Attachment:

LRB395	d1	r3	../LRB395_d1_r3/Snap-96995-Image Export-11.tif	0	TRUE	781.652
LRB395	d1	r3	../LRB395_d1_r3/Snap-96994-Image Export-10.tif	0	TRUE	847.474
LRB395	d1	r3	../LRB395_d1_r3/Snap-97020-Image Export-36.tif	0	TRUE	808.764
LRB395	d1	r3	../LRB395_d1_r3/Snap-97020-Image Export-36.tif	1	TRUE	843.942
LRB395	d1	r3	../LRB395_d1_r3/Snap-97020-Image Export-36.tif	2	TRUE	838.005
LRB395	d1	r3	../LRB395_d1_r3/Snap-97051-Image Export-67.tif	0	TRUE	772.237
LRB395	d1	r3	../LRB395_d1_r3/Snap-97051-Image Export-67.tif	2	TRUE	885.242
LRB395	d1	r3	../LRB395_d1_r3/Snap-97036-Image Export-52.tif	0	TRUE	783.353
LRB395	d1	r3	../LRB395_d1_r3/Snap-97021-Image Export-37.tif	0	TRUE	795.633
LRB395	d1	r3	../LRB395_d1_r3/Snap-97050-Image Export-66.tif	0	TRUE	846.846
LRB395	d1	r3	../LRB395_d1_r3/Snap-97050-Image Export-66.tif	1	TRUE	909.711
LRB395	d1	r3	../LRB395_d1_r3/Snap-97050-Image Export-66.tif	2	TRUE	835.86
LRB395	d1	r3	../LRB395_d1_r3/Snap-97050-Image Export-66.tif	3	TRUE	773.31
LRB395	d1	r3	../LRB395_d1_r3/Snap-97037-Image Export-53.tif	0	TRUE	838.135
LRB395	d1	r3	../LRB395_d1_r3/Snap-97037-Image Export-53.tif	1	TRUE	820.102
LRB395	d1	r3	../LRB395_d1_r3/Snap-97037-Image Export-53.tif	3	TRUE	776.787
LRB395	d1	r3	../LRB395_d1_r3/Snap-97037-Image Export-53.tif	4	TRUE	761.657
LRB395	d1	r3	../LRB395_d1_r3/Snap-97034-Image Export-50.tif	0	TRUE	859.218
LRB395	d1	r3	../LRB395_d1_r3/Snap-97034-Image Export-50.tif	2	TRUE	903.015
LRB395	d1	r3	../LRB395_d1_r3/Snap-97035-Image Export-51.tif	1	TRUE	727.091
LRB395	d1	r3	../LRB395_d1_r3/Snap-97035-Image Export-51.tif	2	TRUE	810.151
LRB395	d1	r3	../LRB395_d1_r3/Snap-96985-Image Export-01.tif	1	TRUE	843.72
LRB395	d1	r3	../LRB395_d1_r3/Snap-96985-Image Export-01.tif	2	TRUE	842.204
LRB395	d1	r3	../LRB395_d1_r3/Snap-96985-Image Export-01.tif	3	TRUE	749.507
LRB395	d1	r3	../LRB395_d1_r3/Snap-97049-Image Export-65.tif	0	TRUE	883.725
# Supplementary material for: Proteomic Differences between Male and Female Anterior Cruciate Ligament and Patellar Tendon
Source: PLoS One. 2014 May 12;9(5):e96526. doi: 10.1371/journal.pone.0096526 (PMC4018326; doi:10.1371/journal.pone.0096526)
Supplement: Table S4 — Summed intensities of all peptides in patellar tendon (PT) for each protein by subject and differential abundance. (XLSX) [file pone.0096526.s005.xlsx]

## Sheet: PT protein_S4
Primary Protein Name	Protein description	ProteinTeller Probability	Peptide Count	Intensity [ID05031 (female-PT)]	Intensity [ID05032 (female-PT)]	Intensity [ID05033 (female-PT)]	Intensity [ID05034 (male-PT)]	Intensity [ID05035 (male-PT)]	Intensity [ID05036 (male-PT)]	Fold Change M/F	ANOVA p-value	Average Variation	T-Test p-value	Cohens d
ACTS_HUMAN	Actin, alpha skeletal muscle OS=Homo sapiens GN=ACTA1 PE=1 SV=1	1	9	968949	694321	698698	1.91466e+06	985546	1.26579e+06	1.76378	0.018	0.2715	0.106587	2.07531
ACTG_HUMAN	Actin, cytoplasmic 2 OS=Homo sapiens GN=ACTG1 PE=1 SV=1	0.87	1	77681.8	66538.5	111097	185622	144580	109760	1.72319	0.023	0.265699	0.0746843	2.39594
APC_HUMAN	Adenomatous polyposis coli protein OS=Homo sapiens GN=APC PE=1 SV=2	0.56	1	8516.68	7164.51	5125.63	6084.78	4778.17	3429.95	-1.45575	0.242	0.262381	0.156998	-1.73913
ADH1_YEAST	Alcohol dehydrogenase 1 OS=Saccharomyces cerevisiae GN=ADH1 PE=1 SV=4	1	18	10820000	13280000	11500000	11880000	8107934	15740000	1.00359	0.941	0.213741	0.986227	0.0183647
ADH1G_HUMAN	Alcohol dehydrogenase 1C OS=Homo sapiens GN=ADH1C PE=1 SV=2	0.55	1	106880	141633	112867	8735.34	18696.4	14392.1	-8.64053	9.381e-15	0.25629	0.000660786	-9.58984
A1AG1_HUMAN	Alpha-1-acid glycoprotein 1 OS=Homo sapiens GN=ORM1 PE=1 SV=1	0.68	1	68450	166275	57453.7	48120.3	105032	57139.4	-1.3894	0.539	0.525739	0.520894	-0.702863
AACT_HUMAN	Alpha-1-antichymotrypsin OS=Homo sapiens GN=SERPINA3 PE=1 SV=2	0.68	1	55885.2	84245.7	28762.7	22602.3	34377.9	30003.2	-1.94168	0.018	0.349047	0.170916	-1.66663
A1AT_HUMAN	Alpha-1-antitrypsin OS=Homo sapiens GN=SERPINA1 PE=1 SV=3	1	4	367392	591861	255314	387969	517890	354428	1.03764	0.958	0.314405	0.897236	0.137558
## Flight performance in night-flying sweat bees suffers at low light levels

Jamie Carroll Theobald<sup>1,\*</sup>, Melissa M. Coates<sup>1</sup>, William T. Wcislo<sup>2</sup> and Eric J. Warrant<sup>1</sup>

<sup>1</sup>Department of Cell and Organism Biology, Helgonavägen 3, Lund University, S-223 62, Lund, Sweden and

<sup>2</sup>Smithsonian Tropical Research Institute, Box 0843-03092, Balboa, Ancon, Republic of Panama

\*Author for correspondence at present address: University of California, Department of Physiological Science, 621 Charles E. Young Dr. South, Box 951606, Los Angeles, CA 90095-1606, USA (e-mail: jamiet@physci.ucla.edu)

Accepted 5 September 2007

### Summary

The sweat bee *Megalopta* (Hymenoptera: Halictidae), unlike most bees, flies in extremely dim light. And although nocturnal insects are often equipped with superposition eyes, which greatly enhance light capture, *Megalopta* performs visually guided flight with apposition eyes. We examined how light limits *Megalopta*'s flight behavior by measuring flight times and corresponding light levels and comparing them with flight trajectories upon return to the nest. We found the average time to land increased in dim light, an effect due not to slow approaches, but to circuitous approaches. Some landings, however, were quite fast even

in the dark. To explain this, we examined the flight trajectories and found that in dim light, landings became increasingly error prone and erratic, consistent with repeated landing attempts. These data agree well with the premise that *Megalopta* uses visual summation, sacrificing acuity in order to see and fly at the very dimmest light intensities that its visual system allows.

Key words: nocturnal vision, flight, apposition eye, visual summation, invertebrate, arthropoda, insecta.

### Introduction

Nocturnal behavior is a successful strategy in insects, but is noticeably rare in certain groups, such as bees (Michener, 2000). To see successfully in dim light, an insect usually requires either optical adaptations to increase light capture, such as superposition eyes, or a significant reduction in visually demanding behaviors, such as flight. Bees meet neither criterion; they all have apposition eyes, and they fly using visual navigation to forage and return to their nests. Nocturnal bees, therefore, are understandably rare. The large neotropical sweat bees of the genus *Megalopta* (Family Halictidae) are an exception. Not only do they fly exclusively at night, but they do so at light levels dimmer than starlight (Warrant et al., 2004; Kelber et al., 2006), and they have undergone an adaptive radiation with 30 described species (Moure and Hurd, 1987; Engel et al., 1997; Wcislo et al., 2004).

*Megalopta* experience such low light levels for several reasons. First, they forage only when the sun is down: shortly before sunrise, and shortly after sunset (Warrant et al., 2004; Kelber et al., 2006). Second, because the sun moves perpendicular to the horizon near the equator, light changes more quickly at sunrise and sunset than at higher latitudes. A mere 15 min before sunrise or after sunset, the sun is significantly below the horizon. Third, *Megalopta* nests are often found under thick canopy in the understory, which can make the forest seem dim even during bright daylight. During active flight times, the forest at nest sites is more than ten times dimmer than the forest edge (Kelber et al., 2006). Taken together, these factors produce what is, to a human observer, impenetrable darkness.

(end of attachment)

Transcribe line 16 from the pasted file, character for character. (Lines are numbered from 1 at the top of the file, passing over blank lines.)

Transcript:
LRB395	d1	r3	../LRB395_d1_r3/Snap-97037-Image Export-53.tif	3	TRUE	776.787